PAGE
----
Geochemistry of the infiltrating water in the vadose zone of a remediated tailings impoundment, Kristineberg mine, northern Sweden

Carlsson, E., Öhlander, B., and Holmström, H.
Applied Geochemistry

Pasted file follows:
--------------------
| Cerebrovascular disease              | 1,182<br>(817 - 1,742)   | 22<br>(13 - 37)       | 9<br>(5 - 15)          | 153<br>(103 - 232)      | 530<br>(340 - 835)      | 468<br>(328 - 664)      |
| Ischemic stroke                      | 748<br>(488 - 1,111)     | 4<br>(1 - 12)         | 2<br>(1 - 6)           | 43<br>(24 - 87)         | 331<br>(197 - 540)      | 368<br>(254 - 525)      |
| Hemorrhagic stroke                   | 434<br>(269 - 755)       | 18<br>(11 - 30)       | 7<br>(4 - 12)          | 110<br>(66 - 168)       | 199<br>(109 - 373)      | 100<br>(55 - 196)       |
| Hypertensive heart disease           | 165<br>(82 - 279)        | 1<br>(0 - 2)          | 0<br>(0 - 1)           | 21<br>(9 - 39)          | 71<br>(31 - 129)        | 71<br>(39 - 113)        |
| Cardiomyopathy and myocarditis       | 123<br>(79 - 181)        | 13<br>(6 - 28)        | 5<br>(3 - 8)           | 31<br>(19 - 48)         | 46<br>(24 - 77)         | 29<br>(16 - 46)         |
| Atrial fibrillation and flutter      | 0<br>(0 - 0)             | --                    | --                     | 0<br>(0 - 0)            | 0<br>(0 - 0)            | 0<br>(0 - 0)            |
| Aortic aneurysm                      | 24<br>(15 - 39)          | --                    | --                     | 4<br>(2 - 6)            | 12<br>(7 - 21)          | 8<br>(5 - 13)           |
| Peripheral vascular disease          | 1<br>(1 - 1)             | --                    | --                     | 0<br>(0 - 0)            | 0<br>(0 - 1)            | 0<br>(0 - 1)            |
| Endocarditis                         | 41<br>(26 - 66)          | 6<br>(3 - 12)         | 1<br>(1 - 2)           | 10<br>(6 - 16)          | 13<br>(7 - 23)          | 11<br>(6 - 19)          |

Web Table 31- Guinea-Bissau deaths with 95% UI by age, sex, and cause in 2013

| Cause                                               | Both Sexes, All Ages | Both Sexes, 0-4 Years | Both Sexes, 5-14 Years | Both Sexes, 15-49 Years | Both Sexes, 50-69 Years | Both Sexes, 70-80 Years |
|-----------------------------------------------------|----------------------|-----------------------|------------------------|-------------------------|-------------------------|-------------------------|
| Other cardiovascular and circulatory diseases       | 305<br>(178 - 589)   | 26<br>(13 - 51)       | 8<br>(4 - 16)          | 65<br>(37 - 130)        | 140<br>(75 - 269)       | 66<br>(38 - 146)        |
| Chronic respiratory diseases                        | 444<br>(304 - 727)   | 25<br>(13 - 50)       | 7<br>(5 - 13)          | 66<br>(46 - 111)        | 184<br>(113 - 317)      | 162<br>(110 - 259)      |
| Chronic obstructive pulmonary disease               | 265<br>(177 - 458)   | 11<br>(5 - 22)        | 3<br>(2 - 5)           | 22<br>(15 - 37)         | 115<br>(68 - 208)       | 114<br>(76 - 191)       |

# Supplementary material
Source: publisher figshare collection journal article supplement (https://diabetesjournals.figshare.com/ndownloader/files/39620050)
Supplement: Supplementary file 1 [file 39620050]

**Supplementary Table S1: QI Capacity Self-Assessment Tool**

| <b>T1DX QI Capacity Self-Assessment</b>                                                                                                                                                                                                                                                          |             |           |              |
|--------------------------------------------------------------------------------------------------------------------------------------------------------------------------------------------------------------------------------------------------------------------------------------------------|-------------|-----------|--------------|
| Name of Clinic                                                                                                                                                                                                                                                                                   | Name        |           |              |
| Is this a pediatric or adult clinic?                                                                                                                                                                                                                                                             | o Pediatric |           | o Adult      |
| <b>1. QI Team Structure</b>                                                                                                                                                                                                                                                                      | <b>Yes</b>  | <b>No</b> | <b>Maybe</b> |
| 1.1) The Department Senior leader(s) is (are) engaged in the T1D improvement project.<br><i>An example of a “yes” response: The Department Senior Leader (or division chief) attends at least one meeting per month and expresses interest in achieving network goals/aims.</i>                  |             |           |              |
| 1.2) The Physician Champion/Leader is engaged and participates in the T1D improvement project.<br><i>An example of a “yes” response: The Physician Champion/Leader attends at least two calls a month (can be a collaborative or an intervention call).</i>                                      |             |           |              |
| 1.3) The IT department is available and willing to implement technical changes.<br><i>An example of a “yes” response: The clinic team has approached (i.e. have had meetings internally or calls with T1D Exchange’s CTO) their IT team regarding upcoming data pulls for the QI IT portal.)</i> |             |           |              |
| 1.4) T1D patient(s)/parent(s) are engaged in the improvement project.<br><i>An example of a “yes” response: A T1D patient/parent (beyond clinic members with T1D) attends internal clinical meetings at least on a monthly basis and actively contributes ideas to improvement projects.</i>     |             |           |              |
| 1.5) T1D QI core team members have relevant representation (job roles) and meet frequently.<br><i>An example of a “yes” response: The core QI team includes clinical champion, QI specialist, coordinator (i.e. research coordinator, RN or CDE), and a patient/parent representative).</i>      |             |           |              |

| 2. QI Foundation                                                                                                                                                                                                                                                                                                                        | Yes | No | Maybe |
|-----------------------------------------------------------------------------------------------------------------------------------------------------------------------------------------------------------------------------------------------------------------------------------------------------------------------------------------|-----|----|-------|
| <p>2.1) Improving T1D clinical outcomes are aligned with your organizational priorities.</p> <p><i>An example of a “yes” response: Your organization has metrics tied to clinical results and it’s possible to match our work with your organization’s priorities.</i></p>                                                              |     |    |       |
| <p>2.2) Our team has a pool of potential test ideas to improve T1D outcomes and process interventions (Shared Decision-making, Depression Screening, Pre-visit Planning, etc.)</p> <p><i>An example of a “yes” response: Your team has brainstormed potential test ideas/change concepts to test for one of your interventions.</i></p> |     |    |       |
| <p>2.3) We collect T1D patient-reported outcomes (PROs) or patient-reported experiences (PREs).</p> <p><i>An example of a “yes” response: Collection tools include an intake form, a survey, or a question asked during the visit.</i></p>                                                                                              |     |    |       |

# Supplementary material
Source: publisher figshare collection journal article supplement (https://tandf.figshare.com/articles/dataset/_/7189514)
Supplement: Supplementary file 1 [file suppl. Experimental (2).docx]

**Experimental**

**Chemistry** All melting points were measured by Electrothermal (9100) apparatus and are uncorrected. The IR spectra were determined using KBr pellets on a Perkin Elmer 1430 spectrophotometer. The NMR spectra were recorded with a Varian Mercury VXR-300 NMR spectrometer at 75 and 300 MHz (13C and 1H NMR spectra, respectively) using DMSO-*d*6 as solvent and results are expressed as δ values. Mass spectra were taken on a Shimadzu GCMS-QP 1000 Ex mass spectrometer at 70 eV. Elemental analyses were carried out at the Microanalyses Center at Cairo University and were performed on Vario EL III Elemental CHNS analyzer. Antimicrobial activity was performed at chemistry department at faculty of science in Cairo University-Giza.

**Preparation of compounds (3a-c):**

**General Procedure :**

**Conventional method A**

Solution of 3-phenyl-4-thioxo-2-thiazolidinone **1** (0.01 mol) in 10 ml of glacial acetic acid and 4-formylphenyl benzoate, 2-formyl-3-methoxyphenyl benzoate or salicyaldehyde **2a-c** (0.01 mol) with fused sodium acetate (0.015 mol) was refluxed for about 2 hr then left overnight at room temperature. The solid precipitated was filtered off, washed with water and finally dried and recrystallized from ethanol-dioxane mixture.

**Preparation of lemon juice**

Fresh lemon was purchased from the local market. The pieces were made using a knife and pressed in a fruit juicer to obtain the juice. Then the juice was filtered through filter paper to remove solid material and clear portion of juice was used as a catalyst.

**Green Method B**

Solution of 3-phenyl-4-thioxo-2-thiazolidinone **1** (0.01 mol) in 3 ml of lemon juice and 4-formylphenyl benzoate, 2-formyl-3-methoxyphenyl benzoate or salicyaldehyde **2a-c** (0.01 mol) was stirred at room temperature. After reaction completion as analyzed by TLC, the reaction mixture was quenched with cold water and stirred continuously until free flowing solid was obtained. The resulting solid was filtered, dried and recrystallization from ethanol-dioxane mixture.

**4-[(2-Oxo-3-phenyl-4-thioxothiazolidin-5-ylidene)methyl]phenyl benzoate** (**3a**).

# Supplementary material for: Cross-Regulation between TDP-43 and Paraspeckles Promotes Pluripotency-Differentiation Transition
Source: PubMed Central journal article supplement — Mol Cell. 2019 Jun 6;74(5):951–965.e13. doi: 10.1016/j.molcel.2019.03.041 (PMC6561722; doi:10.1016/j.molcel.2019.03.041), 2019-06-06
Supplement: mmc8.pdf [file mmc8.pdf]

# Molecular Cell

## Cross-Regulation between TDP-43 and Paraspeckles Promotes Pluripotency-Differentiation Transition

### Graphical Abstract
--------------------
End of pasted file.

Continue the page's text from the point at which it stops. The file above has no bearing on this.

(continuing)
At the remediated tailings Impoundment 1 at Kristineberg, Northern Sweden, installations of tension lysimeters were performed in the protective cover (10, 50, and 100 cm), in the oxidised tailings (150 cm), in the unoxidised secondarily enriched tailings (200 cm) and in the unoxidised tailings (260 cm). The lysimeters in the till protective cover contained relatively low concentrations of most elements. After infiltration through the sealing layer, consisting of 0.3 m compacted clayey till, pH decreased and conductivity, together with the concentrations of several major and trace elements, increased significantly. In the lysimeters installed in the tailings at depths of 150 and 200 cm average pH decreased to 3.4 at 150 cm and 3.2 at 200 and average conductivity increased to 2.9 mS/cm. Elements such as Al, Cd, Co, Fe, Mn, Mo, Ni,Pb, S, Si and Zn had the highest concentrations in the lysimeter at 200 cm depth. Examples of concentration averages for this lysimeter are Cd 600 μg/L, Fe 1500 mg/L, Mn 11 mg/L, Ni 1.06 μg/L, S 1800 mg/L, and Zn 190 mg/L. Between the depths of 200 and 260 cm the concentration of most elements decreased. The increase between the lysimeters at the depths of 150 and 200 cm can be explained by remobilization of secondarily retained oxidation products as well as from the continued oxidation. The decrease between the second and the third lysimeters is interpreted as co-precipitation with different Fe oxyhydroxides as well as adsorption onto secondarily formed minerals and primary mineral surfaces. Calculations of saturation indices indicate that several different hydroxides might precipitate at this level. This retainment takes place mainly due to the increase in pH. The pH increases from 3.2 up to 4–4.4 in this depth interval. Between the deepest lysimeter and the groundwater table, the element concentrations probably decrease even further. pH increases to 5–6.5 in the groundwater. Most of the pre-remediation oxidation products that are secondarily retained above or below the oxidation front and are released by the small amount of infiltrating water together with the present oxidation products are retained again during continued transport downwards. If the depth to the groundwater table is large enough, most of the metals released by the infiltrating water and the diffusing O2 do not reach the groundwater.



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